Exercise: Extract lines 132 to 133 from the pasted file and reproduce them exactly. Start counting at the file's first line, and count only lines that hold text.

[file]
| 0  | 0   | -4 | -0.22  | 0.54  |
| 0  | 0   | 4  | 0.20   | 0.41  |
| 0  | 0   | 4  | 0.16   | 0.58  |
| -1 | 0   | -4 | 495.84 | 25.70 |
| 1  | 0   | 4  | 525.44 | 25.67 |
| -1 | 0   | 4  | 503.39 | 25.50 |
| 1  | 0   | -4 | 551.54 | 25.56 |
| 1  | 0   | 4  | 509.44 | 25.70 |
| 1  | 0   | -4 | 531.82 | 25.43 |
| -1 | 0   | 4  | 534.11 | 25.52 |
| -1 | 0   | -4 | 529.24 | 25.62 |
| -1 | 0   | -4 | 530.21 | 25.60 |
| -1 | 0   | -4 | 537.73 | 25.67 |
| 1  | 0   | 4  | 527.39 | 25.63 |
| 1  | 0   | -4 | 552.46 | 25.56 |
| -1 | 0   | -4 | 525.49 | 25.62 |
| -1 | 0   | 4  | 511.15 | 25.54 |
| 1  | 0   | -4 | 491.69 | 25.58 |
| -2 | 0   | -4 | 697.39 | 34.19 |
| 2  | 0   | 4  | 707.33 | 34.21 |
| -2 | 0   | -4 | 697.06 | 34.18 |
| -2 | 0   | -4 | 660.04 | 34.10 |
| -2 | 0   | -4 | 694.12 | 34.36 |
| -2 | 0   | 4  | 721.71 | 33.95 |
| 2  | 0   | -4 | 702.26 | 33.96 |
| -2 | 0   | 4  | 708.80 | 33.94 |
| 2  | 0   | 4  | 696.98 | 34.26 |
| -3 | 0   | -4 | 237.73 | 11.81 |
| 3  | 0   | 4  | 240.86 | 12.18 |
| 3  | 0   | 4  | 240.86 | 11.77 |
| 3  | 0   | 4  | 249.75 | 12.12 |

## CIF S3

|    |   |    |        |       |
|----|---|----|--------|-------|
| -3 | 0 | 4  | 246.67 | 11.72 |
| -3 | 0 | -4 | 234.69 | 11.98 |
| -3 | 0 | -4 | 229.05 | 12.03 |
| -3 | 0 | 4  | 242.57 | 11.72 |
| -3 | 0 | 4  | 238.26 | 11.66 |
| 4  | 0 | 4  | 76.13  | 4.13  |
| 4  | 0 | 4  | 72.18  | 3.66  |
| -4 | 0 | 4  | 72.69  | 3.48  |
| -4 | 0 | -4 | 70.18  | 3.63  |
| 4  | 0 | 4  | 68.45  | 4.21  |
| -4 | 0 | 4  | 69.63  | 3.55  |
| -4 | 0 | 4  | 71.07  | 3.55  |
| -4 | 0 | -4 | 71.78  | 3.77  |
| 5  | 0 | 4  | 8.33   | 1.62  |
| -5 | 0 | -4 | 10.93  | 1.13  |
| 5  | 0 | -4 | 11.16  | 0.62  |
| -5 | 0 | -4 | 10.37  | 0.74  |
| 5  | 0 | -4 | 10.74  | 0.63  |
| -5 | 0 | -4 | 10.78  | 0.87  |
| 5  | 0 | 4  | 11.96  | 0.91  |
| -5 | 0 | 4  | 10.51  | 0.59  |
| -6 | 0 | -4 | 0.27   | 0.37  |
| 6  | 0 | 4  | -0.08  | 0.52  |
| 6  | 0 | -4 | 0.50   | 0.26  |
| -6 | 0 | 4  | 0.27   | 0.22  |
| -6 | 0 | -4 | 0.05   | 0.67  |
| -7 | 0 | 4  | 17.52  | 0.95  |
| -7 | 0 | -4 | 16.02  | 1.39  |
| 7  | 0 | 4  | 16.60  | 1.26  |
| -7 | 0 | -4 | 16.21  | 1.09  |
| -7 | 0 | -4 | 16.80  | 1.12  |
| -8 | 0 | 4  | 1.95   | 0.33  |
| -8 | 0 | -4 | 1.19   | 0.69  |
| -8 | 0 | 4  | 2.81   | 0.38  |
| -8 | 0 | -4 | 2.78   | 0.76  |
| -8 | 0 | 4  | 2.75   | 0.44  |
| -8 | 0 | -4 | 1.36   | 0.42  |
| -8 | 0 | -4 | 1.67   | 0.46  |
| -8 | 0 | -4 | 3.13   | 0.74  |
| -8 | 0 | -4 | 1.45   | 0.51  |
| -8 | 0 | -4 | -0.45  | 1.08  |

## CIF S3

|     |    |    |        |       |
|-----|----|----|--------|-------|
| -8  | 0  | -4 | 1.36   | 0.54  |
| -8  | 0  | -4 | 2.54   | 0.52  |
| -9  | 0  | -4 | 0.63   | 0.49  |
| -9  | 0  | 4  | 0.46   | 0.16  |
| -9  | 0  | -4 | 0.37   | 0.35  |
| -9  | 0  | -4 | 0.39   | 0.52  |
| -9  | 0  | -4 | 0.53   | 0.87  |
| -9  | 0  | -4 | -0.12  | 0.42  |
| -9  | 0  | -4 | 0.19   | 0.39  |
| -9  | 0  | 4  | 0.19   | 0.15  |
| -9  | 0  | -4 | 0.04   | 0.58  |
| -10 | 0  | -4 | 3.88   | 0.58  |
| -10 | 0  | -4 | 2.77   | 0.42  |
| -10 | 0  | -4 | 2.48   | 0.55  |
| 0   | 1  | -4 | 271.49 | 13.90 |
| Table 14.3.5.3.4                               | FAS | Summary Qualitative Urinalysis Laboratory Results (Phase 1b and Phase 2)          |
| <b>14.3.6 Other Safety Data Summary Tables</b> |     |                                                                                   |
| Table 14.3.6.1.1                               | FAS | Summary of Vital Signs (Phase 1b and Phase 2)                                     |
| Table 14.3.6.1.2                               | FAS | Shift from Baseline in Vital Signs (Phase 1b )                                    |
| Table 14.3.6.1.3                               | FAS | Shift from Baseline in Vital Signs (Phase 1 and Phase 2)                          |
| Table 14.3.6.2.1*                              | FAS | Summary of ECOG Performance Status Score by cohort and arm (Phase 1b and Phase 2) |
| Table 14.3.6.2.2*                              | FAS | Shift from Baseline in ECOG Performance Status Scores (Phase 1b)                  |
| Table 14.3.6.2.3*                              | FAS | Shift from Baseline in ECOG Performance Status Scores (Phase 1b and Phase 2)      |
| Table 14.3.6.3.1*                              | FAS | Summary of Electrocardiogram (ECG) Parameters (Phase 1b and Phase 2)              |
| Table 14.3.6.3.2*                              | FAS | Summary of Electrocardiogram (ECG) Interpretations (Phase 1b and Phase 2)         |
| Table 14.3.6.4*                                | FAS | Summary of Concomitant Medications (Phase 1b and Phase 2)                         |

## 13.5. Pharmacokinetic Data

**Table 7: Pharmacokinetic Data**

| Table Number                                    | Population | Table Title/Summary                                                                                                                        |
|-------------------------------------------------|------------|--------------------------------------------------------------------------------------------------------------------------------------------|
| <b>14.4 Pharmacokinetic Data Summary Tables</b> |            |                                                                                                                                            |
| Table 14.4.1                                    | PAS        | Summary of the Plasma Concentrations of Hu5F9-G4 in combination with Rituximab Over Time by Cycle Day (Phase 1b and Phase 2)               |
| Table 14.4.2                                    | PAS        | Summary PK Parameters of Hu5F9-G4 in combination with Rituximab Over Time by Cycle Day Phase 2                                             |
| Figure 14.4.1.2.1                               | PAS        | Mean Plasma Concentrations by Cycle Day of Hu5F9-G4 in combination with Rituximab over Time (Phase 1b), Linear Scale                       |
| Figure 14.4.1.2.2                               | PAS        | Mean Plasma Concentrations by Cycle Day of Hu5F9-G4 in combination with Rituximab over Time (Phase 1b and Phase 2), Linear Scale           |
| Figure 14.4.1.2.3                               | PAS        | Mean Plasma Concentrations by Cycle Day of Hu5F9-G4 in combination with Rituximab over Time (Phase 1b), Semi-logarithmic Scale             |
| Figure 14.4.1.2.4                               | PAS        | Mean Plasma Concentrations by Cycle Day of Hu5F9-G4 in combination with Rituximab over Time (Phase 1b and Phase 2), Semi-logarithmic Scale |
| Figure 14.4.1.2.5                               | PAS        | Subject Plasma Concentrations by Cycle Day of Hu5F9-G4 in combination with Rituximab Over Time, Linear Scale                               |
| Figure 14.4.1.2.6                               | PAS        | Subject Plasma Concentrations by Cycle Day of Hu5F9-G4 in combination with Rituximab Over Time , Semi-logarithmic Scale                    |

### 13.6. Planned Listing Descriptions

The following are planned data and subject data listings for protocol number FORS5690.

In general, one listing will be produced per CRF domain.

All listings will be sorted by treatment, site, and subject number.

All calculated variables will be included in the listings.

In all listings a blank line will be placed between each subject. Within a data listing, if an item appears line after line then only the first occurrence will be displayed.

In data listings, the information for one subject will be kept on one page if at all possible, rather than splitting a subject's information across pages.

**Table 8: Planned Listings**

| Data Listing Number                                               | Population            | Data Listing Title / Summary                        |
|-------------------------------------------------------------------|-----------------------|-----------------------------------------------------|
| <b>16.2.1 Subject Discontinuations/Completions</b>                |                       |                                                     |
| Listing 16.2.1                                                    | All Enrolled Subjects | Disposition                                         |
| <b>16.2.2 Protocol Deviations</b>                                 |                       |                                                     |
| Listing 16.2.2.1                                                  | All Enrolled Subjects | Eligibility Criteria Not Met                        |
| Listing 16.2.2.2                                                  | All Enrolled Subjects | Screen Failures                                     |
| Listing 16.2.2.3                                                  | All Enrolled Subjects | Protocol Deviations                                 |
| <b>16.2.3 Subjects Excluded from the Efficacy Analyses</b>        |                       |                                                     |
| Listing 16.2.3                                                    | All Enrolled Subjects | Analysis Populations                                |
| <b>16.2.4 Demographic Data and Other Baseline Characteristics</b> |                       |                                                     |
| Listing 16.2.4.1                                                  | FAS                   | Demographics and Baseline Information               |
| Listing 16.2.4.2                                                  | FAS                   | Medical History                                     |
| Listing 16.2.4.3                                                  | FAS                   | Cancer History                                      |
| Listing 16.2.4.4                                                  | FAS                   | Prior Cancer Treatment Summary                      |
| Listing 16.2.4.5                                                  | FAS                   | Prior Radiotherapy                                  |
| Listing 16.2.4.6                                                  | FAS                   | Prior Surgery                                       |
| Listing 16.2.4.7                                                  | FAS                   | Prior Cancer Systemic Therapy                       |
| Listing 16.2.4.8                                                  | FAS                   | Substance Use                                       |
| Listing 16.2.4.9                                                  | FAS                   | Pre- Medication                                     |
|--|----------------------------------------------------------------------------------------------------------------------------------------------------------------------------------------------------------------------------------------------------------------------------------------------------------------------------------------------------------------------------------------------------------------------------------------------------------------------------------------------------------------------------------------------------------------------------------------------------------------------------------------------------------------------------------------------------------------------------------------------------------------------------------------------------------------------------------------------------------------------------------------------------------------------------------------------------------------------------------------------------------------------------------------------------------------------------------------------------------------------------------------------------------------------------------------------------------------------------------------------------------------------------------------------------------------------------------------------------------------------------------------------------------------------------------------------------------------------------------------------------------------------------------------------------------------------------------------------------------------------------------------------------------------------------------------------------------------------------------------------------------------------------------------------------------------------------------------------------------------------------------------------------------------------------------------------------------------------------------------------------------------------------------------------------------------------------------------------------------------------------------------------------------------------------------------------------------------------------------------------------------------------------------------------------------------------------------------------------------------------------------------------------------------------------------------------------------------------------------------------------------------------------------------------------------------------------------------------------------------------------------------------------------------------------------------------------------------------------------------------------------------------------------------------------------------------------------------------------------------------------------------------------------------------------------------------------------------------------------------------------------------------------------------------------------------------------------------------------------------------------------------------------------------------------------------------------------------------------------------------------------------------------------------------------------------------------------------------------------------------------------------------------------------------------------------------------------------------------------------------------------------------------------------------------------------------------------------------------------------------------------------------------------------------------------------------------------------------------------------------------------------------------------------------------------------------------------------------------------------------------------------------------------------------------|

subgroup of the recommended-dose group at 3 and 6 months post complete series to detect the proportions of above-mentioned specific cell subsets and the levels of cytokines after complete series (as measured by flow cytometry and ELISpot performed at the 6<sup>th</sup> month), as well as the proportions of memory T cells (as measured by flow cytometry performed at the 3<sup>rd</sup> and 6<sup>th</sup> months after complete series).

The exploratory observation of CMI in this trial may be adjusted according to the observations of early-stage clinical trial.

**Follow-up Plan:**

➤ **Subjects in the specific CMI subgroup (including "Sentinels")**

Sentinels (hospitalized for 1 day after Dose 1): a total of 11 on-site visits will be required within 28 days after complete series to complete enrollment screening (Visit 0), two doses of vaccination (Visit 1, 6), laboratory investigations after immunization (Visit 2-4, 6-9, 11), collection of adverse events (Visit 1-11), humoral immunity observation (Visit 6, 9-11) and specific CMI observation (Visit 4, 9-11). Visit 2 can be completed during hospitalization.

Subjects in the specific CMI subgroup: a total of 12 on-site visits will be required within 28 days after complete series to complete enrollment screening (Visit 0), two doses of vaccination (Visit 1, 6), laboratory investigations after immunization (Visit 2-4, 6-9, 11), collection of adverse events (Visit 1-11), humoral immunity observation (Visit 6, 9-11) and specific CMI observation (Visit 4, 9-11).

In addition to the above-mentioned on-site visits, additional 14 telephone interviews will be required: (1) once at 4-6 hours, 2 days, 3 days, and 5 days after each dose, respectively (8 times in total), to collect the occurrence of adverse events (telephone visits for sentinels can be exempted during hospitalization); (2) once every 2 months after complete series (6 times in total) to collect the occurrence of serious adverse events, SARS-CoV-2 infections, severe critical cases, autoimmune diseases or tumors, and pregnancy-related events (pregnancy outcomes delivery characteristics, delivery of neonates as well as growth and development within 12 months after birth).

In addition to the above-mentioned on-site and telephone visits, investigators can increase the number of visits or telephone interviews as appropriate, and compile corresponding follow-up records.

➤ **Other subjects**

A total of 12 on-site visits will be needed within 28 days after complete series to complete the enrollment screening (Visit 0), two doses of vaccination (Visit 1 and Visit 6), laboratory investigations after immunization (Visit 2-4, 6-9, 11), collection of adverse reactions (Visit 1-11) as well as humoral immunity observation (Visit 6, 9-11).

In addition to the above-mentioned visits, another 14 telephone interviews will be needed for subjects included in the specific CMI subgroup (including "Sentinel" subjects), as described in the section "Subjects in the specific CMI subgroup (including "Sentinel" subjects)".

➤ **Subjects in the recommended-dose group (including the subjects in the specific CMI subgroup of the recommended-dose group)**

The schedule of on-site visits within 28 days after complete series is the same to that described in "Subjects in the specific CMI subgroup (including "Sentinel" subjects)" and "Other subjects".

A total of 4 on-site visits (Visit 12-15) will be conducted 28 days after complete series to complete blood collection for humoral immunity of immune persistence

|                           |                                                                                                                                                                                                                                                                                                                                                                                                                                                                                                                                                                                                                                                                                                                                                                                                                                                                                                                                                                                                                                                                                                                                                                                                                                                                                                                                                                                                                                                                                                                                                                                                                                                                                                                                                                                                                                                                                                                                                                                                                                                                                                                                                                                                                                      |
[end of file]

| Listing 16.2.2.2                                                  | All Enrolled Subjects | Screen Failures                                     |
| Listing 16.2.2.3                                                  | All Enrolled Subjects | Protocol Deviations                                 |